China's Human Rights and Dissent
A Chinese protester  holds a banner reading No More Home during a protest in front of the Ministry of Construction in Beijing, China on Thursday, Jan. 24, 2008. (AP Photo/Andy Wong)

A Chinese protester holds a banner reading No More Home during a protest in front of the Ministry of Construction in Beijing, China on Thursday, Jan. 24, 2008. (AP Photo/Andy Wong)

People’s Square, in the middle of Shanghai, is not like Tiananmen Square in Beijing. Shanghai’s square is huge — but green. It feels in April a bit like Central Park.

A few months ago something extraordinary—for China—happened here. Thousands of people marched into People’s Square to protest the extension of a high-speed Maglev train line through their neighborhood — and the protest worked. The project was dropped. In China, that’s news. Almost amazing. Because most dissenters in China face a much grimmer outcome… Harassment. Beatings. Jail. Worse.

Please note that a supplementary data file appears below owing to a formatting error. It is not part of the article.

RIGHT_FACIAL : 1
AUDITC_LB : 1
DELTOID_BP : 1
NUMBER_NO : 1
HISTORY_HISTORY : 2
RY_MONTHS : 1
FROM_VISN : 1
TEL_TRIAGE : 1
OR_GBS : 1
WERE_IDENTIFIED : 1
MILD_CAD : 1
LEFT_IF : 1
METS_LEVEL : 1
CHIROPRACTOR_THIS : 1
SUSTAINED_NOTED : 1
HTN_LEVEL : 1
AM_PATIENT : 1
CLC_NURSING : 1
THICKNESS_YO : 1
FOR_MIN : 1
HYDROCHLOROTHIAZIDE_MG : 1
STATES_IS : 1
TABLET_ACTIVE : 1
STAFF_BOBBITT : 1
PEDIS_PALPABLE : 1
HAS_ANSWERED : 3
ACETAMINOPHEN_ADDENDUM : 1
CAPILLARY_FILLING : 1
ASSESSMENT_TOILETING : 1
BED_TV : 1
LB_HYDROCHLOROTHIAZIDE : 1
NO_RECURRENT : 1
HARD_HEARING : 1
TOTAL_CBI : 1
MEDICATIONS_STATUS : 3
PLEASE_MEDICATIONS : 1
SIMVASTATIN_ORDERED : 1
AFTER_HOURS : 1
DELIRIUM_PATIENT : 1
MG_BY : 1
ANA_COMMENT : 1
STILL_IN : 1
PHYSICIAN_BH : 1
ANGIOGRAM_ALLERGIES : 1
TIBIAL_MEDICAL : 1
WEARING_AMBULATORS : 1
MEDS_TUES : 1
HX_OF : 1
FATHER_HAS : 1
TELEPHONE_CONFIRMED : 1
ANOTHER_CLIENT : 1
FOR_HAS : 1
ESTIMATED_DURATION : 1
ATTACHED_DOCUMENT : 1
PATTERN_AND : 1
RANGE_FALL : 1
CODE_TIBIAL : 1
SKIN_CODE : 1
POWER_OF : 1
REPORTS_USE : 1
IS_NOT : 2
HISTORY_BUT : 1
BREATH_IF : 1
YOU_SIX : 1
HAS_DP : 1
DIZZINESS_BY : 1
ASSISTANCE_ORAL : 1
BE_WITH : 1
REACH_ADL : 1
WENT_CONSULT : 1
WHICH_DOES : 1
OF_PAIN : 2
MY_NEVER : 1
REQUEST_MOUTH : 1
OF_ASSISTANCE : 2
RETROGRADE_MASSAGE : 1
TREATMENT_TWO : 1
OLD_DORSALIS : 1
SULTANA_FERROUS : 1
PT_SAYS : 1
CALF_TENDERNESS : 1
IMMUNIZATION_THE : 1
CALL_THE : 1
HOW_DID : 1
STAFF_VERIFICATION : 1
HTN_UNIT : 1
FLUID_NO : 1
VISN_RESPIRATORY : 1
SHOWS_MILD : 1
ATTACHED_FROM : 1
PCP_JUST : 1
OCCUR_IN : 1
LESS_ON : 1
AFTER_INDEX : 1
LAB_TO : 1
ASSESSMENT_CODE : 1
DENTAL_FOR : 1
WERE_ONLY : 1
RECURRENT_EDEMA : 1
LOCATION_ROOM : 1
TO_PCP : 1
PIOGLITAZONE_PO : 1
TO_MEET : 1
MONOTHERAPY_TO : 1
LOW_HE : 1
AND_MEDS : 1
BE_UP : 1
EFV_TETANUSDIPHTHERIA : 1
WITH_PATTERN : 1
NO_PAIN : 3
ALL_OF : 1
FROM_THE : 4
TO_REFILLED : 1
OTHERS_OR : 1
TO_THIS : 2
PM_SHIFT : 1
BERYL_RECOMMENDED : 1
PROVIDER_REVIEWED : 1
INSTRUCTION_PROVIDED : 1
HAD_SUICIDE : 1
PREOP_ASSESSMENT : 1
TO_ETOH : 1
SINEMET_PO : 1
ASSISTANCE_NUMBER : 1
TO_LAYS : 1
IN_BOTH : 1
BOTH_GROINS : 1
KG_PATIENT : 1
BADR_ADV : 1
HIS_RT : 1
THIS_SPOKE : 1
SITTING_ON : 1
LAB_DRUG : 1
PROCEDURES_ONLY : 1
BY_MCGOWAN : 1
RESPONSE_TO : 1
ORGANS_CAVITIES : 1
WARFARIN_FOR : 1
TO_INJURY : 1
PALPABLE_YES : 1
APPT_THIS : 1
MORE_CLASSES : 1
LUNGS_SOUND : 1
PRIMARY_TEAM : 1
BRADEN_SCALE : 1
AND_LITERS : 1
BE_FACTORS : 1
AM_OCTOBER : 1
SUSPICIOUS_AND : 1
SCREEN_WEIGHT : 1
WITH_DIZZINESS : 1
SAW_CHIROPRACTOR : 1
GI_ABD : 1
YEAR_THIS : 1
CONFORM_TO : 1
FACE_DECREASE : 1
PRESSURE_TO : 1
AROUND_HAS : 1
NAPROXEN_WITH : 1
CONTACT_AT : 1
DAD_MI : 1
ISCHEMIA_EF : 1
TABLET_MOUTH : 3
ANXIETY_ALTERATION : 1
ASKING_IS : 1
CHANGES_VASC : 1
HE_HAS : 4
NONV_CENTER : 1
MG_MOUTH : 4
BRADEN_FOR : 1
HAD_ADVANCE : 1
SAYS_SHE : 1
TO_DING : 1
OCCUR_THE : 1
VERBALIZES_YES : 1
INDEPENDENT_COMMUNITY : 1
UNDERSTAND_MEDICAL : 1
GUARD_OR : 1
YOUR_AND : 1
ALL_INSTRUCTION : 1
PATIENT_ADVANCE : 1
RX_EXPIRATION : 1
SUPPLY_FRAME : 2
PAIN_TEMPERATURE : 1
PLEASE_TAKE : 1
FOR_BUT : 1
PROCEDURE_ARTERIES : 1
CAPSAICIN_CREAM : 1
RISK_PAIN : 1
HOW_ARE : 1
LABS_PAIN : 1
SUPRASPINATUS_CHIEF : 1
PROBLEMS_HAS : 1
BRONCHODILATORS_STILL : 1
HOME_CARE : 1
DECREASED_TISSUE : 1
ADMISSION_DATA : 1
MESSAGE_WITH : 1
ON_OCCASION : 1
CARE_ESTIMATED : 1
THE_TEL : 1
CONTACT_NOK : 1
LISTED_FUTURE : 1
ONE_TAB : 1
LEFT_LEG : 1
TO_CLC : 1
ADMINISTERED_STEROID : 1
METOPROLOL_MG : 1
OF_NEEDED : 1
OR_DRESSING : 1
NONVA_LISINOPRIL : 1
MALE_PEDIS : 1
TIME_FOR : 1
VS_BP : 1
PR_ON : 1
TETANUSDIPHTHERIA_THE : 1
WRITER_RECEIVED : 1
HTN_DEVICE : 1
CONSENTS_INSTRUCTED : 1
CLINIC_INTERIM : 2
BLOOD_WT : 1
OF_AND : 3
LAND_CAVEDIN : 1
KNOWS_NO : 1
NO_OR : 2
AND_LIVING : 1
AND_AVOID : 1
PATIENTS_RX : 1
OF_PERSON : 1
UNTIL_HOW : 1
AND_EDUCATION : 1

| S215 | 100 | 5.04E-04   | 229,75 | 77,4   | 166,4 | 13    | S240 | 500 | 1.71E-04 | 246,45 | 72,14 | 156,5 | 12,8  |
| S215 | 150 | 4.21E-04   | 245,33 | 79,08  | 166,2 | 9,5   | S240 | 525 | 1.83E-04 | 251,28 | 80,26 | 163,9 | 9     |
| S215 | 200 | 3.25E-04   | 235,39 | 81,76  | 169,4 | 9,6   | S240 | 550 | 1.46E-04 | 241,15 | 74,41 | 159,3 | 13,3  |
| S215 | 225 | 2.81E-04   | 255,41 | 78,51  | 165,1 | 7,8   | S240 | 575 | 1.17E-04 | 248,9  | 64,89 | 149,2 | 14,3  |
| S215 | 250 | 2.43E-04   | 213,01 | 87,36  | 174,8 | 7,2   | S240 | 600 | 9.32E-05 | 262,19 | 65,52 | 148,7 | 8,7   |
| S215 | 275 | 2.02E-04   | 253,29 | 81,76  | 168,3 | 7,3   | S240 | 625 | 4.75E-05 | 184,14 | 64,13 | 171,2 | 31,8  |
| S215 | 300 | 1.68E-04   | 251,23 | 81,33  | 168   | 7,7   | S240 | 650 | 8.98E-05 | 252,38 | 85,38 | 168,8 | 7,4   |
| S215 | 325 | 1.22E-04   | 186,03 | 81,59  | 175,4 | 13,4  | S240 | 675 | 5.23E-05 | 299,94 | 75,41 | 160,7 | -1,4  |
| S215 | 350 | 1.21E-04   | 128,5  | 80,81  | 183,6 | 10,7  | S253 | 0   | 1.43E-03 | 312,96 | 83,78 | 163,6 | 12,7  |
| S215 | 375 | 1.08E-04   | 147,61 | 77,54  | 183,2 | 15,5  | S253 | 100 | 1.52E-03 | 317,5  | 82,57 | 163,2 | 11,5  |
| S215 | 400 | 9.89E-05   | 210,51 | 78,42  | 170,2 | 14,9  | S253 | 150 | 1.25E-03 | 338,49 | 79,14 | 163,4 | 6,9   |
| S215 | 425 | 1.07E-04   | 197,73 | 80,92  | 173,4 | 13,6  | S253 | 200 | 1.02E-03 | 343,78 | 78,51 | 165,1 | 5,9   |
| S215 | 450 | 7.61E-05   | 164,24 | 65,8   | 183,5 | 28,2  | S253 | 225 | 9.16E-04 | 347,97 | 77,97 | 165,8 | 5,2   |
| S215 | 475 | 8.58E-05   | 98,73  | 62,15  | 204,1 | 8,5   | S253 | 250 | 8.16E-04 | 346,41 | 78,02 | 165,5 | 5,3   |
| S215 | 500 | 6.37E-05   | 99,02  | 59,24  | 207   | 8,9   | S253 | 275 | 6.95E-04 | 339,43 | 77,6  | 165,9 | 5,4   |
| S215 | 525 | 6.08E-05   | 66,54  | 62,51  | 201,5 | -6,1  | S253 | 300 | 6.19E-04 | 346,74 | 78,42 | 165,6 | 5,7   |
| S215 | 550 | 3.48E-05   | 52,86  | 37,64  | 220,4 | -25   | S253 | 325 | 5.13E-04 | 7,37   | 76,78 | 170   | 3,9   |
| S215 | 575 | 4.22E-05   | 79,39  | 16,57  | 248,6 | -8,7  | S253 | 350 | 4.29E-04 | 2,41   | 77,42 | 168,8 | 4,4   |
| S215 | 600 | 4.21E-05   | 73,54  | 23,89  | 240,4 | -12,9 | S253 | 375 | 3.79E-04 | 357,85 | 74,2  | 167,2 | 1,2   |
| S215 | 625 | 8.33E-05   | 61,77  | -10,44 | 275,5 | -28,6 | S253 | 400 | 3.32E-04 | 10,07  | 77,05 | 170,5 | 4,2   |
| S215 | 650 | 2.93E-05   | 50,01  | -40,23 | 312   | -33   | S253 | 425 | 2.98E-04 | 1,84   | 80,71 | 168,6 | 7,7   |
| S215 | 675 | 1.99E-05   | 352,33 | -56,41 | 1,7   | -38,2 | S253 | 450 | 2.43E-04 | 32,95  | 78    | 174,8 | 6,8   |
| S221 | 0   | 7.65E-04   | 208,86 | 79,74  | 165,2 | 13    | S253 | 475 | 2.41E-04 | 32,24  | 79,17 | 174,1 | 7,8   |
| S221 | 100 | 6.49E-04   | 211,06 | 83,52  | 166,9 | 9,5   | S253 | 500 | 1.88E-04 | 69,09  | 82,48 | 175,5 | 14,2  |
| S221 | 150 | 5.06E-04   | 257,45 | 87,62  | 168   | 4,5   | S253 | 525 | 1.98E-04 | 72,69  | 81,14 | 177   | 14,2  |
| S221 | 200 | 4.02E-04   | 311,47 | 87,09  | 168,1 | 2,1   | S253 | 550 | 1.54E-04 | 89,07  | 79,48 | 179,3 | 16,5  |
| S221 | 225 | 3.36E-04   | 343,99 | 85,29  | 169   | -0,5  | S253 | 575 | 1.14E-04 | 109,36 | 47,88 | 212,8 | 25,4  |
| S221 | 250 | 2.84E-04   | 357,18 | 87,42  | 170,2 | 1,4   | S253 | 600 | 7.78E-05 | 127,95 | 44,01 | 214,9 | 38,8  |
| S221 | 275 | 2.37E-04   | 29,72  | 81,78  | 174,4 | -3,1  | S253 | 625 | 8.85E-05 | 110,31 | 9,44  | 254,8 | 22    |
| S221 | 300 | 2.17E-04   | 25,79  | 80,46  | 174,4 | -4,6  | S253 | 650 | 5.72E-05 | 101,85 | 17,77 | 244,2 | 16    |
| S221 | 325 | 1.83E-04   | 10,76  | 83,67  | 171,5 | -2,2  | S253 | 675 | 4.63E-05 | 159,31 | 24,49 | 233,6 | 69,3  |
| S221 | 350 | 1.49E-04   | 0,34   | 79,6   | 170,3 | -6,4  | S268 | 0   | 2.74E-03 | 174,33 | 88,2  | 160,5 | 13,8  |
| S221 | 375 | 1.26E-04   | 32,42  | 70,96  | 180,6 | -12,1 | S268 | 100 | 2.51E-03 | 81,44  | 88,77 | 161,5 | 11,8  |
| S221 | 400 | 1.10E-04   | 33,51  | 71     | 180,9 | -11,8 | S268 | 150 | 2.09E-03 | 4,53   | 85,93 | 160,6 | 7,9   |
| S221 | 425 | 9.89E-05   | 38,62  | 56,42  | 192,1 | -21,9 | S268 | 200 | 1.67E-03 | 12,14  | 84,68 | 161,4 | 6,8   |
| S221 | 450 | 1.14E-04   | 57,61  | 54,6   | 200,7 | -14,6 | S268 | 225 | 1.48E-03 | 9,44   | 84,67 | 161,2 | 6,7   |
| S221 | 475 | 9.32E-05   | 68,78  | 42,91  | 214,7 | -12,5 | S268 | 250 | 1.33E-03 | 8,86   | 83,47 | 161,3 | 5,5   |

The Chinese government doesn’t like to talk about it. But we will, with people who know the problem well. This hour, from Shanghai: Dissent in China.

Our panel of guests for this important hour are people who know the often hidden world of dissent and punishment well.


Joining us in Shanghai is Jerome Cohen, one of the world’s top authorities on China’s legal system. He is a professor at New York University School of Law, a partner in the law firm Paul, Weiss, Rifkind, Wharton & Garrison, and a senior fellow for Asia Studies at the Council on Foreign Relations. He’s been following the law and dissent in China for more than 30 years.

Joining us from New York is Sharon Hom, executive director of Human Rights in China, a group that promotes democratic reform in China. She is a professor of law emerita at City University of New York School of Law and a board member of Human Rights Watch/Asia.

And with us from Boston is journalist Leu Siew Ying. She worked for the South China Morning Post from 2002 to 2007 in the southern province of Guangdong, and covered local protests there. She is currently a Nieman Fellow at Harvard University, studying grassroots democracy in China.

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